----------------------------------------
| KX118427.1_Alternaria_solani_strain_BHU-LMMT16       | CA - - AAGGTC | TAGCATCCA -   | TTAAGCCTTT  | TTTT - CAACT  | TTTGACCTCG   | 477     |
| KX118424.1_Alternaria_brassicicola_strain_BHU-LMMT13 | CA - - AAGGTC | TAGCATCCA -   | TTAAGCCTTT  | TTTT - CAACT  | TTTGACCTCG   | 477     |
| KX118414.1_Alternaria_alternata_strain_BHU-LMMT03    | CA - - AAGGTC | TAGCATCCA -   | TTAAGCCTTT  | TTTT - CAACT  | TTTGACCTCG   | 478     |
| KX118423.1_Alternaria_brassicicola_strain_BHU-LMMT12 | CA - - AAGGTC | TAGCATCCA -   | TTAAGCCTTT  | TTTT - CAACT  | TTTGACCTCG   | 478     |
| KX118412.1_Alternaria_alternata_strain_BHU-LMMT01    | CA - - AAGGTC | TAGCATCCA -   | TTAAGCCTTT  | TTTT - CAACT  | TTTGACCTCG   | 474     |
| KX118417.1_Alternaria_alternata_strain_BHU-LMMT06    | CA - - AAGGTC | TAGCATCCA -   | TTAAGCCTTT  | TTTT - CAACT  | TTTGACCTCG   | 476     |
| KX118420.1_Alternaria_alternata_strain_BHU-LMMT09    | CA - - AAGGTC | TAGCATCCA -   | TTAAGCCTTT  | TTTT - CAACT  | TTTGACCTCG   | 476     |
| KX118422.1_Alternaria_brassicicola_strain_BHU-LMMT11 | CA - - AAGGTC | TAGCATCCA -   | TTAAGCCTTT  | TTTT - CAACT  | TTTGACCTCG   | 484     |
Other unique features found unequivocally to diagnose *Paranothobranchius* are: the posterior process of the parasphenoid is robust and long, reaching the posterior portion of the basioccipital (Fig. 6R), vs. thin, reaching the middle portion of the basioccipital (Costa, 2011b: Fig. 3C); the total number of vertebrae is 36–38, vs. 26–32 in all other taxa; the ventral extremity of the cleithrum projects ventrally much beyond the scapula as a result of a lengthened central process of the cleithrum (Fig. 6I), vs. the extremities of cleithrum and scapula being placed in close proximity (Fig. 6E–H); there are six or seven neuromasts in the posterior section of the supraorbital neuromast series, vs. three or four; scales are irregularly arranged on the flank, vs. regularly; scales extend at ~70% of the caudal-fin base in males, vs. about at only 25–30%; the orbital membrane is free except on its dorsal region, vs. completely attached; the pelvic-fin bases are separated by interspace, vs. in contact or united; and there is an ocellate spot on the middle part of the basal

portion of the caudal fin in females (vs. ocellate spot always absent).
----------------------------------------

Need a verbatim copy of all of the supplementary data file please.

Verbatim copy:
| KX118427.1_Alternaria_solani_strain_BHU-LMMT16       | CA - - AAGGTC | TAGCATCCA -   | TTAAGCCTTT  | TTTT - CAACT  | TTTGACCTCG   | 477     |
| KX118424.1_Alternaria_brassicicola_strain_BHU-LMMT13 | CA - - AAGGTC | TAGCATCCA -   | TTAAGCCTTT  | TTTT - CAACT  | TTTGACCTCG   | 477     |
| KX118414.1_Alternaria_alternata_strain_BHU-LMMT03    | CA - - AAGGTC | TAGCATCCA -   | TTAAGCCTTT  | TTTT - CAACT  | TTTGACCTCG   | 478     |
| KX118423.1_Alternaria_brassicicola_strain_BHU-LMMT12 | CA - - AAGGTC | TAGCATCCA -   | TTAAGCCTTT  | TTTT - CAACT  | TTTGACCTCG   | 478     |
| KX118412.1_Alternaria_alternata_strain_BHU-LMMT01    | CA - - AAGGTC | TAGCATCCA -   | TTAAGCCTTT  | TTTT - CAACT  | TTTGACCTCG   | 474     |
| KX118417.1_Alternaria_alternata_strain_BHU-LMMT06    | CA - - AAGGTC | TAGCATCCA -   | TTAAGCCTTT  | TTTT - CAACT  | TTTGACCTCG   | 476     |
| KX118420.1_Alternaria_alternata_strain_BHU-LMMT09    | CA - - AAGGTC | TAGCATCCA -   | TTAAGCCTTT  | TTTT - CAACT  | TTTGACCTCG   | 476     |
| KX118422.1_Alternaria_brassicicola_strain_BHU-LMMT11 | CA - - AAGGTC | TAGCATCCA -   | TTAAGCCTTT  | TTTT - CAACT  | TTTGACCTCG   | 484     |
Other unique features found unequivocally to diagnose *Paranothobranchius* are: the posterior process of the parasphenoid is robust and long, reaching the posterior portion of the basioccipital (Fig. 6R), vs. thin, reaching the middle portion of the basioccipital (Costa, 2011b: Fig. 3C); the total number of vertebrae is 36–38, vs. 26–32 in all other taxa; the ventral extremity of the cleithrum projects ventrally much beyond the scapula as a result of a lengthened central process of the cleithrum (Fig. 6I), vs. the extremities of cleithrum and scapula being placed in close proximity (Fig. 6E–H); there are six or seven neuromasts in the posterior section of the supraorbital neuromast series, vs. three or four; scales are irregularly arranged on the flank, vs. regularly; scales extend at ~70% of the caudal-fin base in males, vs. about at only 25–30%; the orbital membrane is free except on its dorsal region, vs. completely attached; the pelvic-fin bases are separated by interspace, vs. in contact or united; and there is an ocellate spot on the middle part of the basal

portion of the caudal fin in females (vs. ocellate spot always absent).